The new FUJIFILM X-T4 has just been released, promising to be one of the more interesting cameras to be delivered during 2020. If you are like me, an owner of the FUJIFILM X-T3 who wished for a little extra, then the wait is over. Enhanced performance, combining the advantage of the now discontinued X-1H (stabilised sensor) and articulating LCD screen, can now be found within this newcomer camera. Prepared to be impressed by what seems to be the best all around small and lightweight APS-C sensor camera that can shoot video, currently in the market?
For the last few weeks, I’ve been running and gunning with the new FUJIFILM X-T4 camera, and let me tell you, the great X-T3, just got (much) better! If I have to summarise my experience while working with that new camera, I would write PURE Joy. It is not even about a specific feature or certain specification. It is about the overall usage and camera flexibility. Let me say it loud and clear, for documentary filmmaking, it is currently one of the best tools out there!
FUJIFILM X-T4 – What is New (in no Particular Order)
FUJIFILM have done their homework by listening carefully to feedback from the field. They have merged their two successful camera lines, the X-T3 and X-H1, into one winning product. I mean, I hope you can agree with me that both cameras where aiming to capture the attention of a similar audience, us the filmmakers. Each had its advantages and limitations, which – at times – might have caused a bit of hesitation in regards to which camera to get. On top, I can only imagine that like with so many other manufacturers in our field, resources at FUJIFILM are limited, so it is better to consolidate manufacturing lines and concentrate on bringing a winner product that combines goodies from both worlds to the market.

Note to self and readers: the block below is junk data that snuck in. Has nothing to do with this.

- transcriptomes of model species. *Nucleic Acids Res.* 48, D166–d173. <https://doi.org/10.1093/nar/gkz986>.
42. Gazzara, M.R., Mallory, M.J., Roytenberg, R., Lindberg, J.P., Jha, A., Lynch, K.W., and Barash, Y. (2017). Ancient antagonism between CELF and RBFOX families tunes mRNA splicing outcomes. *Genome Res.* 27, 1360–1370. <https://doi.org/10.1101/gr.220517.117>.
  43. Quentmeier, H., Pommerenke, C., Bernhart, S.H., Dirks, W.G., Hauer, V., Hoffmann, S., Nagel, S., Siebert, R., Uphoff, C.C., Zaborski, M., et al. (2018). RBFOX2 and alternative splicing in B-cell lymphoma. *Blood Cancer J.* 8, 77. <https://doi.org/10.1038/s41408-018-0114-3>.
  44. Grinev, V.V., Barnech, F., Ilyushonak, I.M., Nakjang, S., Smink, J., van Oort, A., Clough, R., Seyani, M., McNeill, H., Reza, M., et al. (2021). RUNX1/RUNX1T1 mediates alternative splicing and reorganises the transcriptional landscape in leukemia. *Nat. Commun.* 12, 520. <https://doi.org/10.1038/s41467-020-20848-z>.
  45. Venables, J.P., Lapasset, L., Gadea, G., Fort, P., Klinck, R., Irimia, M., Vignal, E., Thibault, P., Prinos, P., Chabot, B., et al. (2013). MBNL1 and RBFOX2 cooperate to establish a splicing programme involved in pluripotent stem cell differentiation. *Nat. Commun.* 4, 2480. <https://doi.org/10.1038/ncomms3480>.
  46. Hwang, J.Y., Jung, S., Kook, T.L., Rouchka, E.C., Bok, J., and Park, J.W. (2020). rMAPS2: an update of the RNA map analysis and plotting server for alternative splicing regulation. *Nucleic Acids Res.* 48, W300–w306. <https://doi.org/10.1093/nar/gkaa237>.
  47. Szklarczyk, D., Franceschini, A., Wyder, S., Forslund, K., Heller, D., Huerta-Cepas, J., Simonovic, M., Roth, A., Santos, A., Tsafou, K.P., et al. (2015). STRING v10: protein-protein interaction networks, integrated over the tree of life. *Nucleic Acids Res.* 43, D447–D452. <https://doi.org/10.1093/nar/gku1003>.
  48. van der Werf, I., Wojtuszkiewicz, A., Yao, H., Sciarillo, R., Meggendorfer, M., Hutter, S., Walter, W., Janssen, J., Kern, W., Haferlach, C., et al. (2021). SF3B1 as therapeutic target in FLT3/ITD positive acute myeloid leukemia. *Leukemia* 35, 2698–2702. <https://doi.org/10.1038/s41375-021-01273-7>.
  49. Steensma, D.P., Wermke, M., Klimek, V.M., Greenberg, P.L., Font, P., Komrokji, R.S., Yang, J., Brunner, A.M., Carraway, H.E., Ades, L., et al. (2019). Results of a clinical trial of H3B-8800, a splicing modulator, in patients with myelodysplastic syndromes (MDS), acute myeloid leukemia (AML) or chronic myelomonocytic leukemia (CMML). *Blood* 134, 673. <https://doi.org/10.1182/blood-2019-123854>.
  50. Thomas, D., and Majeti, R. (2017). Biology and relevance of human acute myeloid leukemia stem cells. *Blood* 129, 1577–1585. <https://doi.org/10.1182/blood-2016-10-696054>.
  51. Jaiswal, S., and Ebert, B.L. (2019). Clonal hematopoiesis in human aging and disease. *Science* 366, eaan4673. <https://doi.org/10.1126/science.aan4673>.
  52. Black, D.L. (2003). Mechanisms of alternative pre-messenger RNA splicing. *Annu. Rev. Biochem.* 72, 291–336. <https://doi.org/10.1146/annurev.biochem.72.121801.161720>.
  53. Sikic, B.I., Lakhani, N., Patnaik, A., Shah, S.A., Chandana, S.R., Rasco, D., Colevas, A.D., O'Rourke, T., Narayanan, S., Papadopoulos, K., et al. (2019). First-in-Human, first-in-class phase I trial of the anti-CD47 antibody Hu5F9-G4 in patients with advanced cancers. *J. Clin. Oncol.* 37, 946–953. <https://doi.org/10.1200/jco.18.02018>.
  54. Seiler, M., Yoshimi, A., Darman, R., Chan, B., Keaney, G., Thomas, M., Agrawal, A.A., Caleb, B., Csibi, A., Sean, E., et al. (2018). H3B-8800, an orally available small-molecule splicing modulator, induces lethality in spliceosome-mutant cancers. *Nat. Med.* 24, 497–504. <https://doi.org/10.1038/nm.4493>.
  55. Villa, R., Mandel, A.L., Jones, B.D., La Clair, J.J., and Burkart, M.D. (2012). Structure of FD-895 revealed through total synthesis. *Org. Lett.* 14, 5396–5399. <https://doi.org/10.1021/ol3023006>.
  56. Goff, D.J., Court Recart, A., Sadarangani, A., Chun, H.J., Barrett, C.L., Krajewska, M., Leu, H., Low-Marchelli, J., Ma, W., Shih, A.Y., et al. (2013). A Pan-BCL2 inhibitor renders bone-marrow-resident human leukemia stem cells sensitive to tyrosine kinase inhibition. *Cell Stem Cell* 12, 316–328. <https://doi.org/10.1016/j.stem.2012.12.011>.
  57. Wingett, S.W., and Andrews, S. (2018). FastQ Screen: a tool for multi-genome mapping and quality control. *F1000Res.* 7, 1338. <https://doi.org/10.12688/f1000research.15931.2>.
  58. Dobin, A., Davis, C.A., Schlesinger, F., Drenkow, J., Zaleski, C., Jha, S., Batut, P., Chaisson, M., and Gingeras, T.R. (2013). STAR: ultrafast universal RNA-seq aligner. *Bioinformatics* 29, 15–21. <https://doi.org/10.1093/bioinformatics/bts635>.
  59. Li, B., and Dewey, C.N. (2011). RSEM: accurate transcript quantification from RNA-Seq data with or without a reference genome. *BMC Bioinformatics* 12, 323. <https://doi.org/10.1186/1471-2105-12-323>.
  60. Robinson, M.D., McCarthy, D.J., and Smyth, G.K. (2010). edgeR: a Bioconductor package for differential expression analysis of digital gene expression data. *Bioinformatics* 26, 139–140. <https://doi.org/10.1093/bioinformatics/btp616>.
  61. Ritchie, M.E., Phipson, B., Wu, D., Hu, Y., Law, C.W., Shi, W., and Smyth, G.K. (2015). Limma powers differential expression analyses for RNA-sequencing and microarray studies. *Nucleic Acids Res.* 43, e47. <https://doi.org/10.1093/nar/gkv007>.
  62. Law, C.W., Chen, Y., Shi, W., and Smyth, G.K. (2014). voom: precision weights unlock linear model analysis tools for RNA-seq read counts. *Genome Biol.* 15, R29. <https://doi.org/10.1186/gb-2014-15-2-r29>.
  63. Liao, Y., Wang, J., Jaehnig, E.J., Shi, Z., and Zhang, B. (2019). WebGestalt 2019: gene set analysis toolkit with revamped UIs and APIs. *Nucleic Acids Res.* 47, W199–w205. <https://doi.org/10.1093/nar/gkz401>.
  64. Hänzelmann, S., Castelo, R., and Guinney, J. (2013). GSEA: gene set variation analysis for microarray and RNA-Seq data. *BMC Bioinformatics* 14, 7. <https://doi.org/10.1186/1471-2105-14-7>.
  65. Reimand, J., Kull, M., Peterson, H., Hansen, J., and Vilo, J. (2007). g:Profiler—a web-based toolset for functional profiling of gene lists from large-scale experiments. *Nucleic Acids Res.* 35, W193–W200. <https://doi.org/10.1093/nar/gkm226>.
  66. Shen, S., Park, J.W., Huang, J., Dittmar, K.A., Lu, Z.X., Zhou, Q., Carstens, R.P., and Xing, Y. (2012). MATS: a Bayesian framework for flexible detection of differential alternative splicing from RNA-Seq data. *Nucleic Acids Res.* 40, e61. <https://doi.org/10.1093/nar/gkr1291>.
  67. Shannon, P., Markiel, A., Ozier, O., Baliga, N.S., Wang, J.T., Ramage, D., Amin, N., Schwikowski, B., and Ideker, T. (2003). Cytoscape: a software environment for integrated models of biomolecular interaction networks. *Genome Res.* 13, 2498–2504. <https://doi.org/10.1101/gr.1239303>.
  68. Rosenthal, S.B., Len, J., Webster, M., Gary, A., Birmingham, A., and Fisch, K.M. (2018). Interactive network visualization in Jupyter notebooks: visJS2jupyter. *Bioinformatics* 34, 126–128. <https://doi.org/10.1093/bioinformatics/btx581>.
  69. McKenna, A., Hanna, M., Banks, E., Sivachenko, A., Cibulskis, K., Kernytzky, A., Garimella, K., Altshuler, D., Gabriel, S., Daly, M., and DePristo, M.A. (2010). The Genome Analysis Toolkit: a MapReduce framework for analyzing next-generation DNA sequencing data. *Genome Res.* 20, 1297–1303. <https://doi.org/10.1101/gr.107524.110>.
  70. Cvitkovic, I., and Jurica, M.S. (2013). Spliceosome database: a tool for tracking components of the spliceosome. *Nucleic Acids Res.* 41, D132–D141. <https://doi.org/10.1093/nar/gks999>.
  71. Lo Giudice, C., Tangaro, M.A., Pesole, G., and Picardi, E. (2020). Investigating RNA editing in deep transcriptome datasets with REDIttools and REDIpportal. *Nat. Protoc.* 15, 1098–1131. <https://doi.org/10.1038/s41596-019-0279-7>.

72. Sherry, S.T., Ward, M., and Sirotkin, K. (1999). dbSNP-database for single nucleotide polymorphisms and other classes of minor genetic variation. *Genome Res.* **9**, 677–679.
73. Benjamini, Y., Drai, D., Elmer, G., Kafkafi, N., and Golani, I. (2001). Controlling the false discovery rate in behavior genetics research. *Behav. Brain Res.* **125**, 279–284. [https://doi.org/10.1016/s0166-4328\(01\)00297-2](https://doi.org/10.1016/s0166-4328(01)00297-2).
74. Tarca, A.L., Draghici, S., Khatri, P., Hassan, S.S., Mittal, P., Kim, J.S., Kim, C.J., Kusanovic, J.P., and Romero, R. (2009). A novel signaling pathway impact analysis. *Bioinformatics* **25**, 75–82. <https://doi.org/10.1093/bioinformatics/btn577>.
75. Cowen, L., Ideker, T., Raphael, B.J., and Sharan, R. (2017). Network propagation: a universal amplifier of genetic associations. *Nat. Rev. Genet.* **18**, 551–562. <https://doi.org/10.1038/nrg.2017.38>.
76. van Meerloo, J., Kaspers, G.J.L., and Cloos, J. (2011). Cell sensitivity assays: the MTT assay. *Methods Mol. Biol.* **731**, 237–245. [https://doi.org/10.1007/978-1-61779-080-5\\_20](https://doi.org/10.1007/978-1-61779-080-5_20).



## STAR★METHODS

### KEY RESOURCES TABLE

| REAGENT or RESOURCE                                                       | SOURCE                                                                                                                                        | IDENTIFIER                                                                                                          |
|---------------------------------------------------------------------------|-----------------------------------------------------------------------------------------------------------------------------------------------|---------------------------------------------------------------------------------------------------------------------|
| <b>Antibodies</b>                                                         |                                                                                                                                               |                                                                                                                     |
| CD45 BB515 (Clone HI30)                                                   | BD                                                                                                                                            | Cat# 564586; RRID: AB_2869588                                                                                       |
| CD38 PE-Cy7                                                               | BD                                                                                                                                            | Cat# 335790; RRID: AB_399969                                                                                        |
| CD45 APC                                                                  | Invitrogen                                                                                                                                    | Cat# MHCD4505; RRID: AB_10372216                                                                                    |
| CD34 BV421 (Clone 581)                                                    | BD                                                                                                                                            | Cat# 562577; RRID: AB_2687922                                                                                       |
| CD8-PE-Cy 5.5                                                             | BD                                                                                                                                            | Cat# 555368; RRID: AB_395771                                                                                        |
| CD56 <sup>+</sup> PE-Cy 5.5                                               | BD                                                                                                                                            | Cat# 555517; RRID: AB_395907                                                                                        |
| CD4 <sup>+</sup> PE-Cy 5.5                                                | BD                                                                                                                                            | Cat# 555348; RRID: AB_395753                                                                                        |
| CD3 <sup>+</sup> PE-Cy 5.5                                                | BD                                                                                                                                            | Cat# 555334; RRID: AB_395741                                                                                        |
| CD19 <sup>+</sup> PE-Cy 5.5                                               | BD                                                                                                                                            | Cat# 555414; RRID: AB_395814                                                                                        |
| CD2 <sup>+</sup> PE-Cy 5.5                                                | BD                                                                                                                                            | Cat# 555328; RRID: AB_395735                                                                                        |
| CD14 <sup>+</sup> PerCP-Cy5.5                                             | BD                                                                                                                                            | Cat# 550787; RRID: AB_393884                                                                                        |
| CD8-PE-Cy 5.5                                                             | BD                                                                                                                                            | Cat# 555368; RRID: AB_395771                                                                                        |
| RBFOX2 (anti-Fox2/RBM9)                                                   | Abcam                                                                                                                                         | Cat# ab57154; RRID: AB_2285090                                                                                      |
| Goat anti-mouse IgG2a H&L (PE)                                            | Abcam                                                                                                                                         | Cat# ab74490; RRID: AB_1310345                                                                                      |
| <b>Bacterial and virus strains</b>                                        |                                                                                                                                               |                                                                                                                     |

So, what did FUJIFILM bring to the table, in order to make that camera so likeable? Well, first of all, they kept (almost) all the good stuff one can find inside the X-T3. Here is a short list of what is untouched:
- H264 / H265 encoding
- 4K (up to 60p) resolution and frame rate
- High data rate recording (Up to 400 Mbps)
- All Intra (Alongside Long GOP) compression
- 10 bit 4:2:0 color sampling
- Touch screen LCD
- Excellent audio performance (For a mirrorless camera)
It is also worth noting that the the X-T4 inherits the 26.1 MP “X-Trans” sensor and “X-Processor 4” found in the X-T3. The difference in performance lies in the better configured written algorithm.
So those are ALL there. But what really makes this camera even more capable is the inclusion of some new features like:
- A new excellent 5-axis IBIS (In Body Image Stabilization). Apparently this new IBIS unit uses magnetic force rather than springs. FUJIFILM claims that the IBIS unit is approx. 30% smaller and 20% lighter than the one found in the X-H1
- Thicker camera hand grip. Even for my small hands, the X-T3’s camera grip was a bit too “thin” to hold. The X-T4 overcomes this issue by offering a slightly thicker grip. Those few mm’s made a big difference while running and gunning in terms of handling comfort
- Swivel LCD screen
- larger size and capacity batteries
- Dual SD slot recording with the ability to instantly record a back up video at the same quality (not a proxy video file)
- Up to 240 fps in full HD including functional autofocus (x1.29 crop)